I am re-reading Alfred Hayes’ great book In Love, which has just been released by New York Review Books in the USA, and will be published by Lebowski Publishers in Dutch translation (by Marcel Misset) in 2014.
Somehow, the main character of the book reminds me of Michael Hutchence, the former singer of INXS, a band I did not particularly like (although, being a title freak, Elegantly Wasted remains a great title for an album, or a book, or a film), but the singer always intrigued me: a goodlooking guy, destined to going down (think: Morrison, Cobain)… Which he did, in 1997.
Some say it was an accident, others call it suicide, and his not so reliable girlfriend at the time, Paula Yates, who overdosed three years after Hutchence, stated his death was due to autoerotic asphyxation (google it).
Others just blame Bob Geldof.
Hutchence, to me, seems like the kind of guy who, like the main character in In Love, really suffered from being both in and out of love.
The Hayes’ book just got a great review in The New York Observer: and their headline summed it up quite nicely (but not very subtly): “The Best Part of Breaking Up: In 1953, Alfred Hayes Published One of the Greatest Books Ever About the End of a Relationship”. The review is glowing, and rightly so, praising and commenting that “the beauty of Mr. Hayes’s sentences recreates the often-inexplicable agony that goes with a dying relationship.”
I keep reading sentences I want to quote, share, tweet. Is that because I assume this book appeals to experiences every readers must have had, or is it because we, readers (and publishers), want to share our misery just as badly as our happiness? Shame, indecisiveness, fear to commit, jealousy, defeat – it’s all there, up for grabs. Just read these sentences:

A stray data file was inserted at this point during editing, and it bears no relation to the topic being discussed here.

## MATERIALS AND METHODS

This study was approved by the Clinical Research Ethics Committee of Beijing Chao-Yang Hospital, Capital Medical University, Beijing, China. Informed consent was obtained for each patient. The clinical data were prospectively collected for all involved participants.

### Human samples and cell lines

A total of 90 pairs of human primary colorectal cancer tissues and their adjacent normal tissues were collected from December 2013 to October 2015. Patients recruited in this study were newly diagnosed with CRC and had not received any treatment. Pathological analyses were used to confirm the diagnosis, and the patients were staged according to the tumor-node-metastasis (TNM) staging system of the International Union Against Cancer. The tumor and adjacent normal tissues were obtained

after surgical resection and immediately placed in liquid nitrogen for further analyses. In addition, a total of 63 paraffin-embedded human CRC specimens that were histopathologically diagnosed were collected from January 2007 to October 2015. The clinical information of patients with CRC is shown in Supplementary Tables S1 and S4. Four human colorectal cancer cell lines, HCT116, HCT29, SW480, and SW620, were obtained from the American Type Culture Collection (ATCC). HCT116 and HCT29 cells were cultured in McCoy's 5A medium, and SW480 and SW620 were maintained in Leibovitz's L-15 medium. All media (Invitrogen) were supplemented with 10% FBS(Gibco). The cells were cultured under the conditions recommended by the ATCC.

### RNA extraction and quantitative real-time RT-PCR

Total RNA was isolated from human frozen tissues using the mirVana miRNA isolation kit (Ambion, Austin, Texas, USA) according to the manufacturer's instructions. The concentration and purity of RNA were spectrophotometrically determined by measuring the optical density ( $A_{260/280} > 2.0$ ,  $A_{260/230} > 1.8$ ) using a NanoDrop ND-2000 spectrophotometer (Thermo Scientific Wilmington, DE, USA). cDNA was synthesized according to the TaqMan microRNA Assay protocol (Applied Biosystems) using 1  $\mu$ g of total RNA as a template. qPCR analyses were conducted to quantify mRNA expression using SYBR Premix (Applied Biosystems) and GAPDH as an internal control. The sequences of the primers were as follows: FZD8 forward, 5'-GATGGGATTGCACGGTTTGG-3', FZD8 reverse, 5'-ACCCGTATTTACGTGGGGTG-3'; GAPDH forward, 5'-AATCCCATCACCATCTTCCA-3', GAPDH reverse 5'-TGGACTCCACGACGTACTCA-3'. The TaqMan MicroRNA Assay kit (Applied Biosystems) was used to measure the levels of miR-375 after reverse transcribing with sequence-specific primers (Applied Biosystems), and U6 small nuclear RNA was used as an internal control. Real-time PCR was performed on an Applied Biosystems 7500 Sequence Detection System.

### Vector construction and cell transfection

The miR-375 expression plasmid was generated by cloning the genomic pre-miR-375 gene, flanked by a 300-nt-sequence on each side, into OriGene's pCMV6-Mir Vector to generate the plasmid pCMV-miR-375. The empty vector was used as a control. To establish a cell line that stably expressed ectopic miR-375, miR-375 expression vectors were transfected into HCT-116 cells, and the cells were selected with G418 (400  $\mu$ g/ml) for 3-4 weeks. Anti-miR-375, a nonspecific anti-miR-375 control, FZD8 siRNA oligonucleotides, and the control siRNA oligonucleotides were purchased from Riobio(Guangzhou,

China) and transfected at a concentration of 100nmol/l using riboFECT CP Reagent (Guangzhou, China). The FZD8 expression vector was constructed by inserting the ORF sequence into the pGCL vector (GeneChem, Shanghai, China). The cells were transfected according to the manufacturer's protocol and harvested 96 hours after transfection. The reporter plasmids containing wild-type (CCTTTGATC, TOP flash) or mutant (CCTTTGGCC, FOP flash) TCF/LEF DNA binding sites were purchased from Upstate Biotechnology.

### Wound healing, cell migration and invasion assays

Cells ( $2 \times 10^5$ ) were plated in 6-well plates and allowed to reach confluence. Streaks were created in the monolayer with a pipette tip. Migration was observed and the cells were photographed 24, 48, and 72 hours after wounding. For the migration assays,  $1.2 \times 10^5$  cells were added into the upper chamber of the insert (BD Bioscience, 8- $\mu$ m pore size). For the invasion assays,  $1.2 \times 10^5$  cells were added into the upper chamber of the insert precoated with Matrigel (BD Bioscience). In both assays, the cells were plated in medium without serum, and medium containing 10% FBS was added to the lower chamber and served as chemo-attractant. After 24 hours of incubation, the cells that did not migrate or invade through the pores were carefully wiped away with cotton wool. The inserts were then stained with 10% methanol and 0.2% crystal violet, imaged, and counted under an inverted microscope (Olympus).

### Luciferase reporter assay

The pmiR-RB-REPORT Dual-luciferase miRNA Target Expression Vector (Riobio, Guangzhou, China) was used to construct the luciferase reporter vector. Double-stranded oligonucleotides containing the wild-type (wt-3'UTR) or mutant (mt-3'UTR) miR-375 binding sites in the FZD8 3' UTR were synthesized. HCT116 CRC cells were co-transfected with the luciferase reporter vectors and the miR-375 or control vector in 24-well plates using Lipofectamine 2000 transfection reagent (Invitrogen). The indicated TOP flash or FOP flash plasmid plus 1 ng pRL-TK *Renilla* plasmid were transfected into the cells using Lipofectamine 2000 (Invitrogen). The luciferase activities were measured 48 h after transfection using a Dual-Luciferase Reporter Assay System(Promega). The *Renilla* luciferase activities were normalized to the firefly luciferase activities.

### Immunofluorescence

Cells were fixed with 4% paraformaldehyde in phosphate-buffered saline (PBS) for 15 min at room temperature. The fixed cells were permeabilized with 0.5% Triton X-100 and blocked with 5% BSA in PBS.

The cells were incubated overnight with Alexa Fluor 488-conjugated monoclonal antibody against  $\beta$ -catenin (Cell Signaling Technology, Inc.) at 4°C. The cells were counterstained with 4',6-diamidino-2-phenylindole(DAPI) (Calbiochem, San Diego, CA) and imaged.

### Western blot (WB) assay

Of course a woman always seems to choose, with a dismaying instinct, the goddamnest moments to end a love affair. Her dismissals always seem to come the way assassinations do, from the least expected quarter. There will be a note on the kitchen table, propped up against the sugar bowl, on exactly the day when most in love with her you arrive carrying a cellophaned orchid; or walking along the avenue, one arm about her waist, and talking with great enthusiasm about a small house you saw for sale cheap thirty minutes from New York. They seem timed to arrive during birthday parties, when you are apparantly happiest, or relaxing in a hot bath, when the house is most peaceful, or taking a short walk in the garden, enjoying what promises to be a beautiful evening. She waits until that precise moment you are bending down to sniff the roses,and thinking that, after all, she is a wonderful girl, and you are really absolutely sold on her, for all the small quarrels and differences, really fine, when bang: she fires from behind the rosebush.
The book, partially, reminds us of the 1993 blockbuster film Indecent Proposal. In In Love is also centered around that question: what is the price of love? But, although it being a driving force in this slim novel, the main attraction lies in the metafysical observations, the relaxed, laidback way the story is told and unfolds, and the way it hits the nail on the head:
The only thing we haven’t lost, I thought, is the ability to suffer. We’re fine at suffering. But it’s such a noiseless suffering. We never disturb the neighbors with it. We collapse, but we collapse in the most disciplined way. That’s us. That’s certainly us. The disciplined collapsers.
The prose in In Love, and in it’s Hollywood counterpart, My Face For the World to See, is, as The Guardian wrote (calling MFFTWTS a masterpiece) ‘very carefully weighted. The sentences, outside the book’s dialogue, are packed with commas and careful qualifications, the way you would write if you wanted to make sure that every possibility of nuance or interpretation had been scrupulously attended to.’
Disciplined collapsers, that’s what we are.